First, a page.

According to a press release, the Yale and Mayo Clinic CERSI aims to use real-world data to inform regulatory decision making; allow the FDA to use advanced analytic methods; and share knowledge gathered between the institutions. The Yale and Mayo Clinic CERSI is part of a larger group of national CERSIs, funded by the FDA, that are collaborations between the FDA and various [...]

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Tags: cersi, health care delivery, regulatory science, yale

February 16th, 2017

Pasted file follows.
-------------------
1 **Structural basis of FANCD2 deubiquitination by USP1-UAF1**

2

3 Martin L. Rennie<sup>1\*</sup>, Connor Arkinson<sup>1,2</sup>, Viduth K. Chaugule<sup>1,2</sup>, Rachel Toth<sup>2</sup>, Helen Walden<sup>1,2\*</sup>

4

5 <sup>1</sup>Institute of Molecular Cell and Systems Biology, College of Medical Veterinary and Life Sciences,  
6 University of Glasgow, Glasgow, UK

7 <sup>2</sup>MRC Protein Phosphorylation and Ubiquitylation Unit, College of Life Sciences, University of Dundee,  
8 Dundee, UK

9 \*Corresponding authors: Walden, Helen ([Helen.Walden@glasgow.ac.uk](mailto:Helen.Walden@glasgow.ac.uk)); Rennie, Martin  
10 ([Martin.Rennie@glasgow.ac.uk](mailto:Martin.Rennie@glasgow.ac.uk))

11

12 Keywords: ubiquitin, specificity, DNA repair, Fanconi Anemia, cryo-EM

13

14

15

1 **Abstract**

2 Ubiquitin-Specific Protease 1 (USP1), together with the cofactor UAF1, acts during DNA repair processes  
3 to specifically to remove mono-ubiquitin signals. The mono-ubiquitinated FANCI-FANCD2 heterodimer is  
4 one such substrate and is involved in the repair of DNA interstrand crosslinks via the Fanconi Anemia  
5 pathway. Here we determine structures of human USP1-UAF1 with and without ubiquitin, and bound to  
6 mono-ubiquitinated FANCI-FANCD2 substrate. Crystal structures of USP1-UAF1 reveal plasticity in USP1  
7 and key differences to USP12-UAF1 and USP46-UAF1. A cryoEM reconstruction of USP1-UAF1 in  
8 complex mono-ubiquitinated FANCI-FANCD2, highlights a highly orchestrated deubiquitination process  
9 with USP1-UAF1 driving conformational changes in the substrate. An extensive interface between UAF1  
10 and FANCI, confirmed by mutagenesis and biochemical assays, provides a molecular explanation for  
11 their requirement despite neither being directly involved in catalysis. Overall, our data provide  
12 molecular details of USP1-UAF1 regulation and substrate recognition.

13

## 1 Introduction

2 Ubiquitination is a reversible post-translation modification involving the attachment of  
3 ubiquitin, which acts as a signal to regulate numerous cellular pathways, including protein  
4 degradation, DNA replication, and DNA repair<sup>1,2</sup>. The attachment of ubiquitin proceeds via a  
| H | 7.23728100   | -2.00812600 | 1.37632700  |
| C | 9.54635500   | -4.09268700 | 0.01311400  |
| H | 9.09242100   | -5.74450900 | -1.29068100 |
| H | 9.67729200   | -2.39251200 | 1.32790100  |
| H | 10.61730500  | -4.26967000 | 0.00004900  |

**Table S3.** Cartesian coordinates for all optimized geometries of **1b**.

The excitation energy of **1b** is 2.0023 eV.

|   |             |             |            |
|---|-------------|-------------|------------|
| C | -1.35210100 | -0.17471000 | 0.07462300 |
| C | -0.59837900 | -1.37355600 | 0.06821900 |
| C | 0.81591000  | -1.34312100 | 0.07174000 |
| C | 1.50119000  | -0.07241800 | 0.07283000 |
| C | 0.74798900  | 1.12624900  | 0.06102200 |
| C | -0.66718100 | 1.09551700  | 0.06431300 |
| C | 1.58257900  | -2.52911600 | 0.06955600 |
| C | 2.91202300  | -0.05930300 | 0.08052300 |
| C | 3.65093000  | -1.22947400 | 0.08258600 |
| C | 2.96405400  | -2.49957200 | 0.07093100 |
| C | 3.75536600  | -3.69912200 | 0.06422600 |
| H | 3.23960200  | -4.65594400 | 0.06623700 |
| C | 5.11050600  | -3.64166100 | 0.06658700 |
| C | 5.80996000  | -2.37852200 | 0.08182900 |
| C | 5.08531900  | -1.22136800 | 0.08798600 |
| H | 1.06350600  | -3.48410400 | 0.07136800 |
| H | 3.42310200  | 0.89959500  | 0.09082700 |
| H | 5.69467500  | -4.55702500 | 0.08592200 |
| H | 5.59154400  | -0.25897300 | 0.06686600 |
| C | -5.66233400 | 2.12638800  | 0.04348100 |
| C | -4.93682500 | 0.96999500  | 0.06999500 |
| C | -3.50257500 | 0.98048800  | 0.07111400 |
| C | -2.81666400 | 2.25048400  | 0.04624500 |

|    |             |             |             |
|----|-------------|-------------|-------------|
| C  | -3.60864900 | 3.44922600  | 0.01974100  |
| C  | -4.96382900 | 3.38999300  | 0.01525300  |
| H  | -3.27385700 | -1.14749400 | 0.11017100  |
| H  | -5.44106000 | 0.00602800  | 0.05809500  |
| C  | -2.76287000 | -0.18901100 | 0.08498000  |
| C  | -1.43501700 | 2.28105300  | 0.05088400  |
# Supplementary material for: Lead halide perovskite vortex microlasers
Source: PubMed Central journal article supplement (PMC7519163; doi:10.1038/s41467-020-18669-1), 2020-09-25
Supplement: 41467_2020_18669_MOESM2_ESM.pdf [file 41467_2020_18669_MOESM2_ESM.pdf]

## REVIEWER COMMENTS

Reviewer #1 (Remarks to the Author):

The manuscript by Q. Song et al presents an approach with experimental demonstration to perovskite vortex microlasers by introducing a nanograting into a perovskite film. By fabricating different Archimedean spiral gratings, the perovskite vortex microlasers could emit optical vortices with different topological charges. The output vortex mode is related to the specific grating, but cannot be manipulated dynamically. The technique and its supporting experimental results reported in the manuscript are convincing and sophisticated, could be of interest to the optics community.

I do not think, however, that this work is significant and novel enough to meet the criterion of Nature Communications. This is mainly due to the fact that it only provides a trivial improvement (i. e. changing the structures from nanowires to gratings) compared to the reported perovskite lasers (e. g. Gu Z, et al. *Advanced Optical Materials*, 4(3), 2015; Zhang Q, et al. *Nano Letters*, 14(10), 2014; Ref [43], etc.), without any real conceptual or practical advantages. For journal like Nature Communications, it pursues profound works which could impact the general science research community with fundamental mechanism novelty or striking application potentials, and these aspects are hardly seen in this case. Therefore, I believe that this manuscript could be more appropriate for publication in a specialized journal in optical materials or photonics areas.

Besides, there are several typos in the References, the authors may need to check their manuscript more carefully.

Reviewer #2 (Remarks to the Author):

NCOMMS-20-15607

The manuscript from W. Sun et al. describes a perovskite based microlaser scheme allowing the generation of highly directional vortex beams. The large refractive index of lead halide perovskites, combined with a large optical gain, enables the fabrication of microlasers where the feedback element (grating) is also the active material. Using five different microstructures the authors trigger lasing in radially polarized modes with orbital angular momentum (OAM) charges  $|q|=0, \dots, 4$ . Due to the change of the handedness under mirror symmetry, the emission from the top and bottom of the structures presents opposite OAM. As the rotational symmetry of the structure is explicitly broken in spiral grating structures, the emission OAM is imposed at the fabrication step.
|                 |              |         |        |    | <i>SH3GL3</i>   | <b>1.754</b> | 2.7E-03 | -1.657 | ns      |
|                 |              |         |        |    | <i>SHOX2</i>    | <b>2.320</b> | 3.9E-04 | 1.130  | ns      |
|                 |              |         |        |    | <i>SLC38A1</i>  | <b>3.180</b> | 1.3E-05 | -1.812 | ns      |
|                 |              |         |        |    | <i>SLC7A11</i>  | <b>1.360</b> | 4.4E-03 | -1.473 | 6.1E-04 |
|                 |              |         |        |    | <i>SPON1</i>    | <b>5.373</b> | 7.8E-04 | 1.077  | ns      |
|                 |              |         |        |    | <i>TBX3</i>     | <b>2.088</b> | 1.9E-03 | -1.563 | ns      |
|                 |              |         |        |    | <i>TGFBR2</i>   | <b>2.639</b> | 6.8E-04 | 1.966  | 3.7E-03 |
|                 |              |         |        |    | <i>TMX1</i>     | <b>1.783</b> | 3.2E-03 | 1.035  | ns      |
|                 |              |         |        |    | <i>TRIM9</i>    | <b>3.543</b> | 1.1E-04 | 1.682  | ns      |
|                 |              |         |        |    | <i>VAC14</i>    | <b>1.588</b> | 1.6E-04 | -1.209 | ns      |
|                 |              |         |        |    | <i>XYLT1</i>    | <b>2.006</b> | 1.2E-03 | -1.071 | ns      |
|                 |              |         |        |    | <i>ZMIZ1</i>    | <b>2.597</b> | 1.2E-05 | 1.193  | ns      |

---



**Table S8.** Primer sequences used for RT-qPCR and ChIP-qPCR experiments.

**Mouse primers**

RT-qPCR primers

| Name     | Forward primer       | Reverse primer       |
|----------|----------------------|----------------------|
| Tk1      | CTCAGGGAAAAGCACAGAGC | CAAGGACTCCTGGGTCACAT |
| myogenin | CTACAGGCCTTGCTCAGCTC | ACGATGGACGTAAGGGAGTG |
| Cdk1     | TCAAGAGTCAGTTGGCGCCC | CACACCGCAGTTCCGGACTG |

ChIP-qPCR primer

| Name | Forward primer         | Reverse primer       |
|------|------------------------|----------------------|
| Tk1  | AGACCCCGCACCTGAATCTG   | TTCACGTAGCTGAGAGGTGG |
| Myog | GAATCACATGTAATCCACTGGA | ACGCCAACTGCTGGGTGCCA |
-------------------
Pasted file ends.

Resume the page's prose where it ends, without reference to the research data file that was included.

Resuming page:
Drug combo safe for diffuse large B-cell lymphoma

By Nicole Brudos Ferrara nicoleferrara


Drugs targeting the P13K-mTOR pathway add benefit when combined with standard R-CHOP therapy.


The drug everolimus can be safely combined with R-CHOP for new, untreated diffuse large B-cell lymphoma, according to the results of a pilot study by Mayo Clinic researchers.

The researchers published their study findings in the July 2016 issue of The Lancet Haematology.

R-CHOP is a combination of drugs used to treat lymphoma that includes rituximab, cyclophosphamide, doxorubicin, vincristine and prednisone.

Photograph of Patrick B. Johnston, M.D., Ph.D. Patrick B. Johnston, M.D., [...]

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Tags: diffuse large B-cell lymphoma, Dr Patrick Johnston, everolimus, Forefront, lymphoma, Mayo Clinic Cancer Center, non-Hodgkin lymphoma, R-CHOP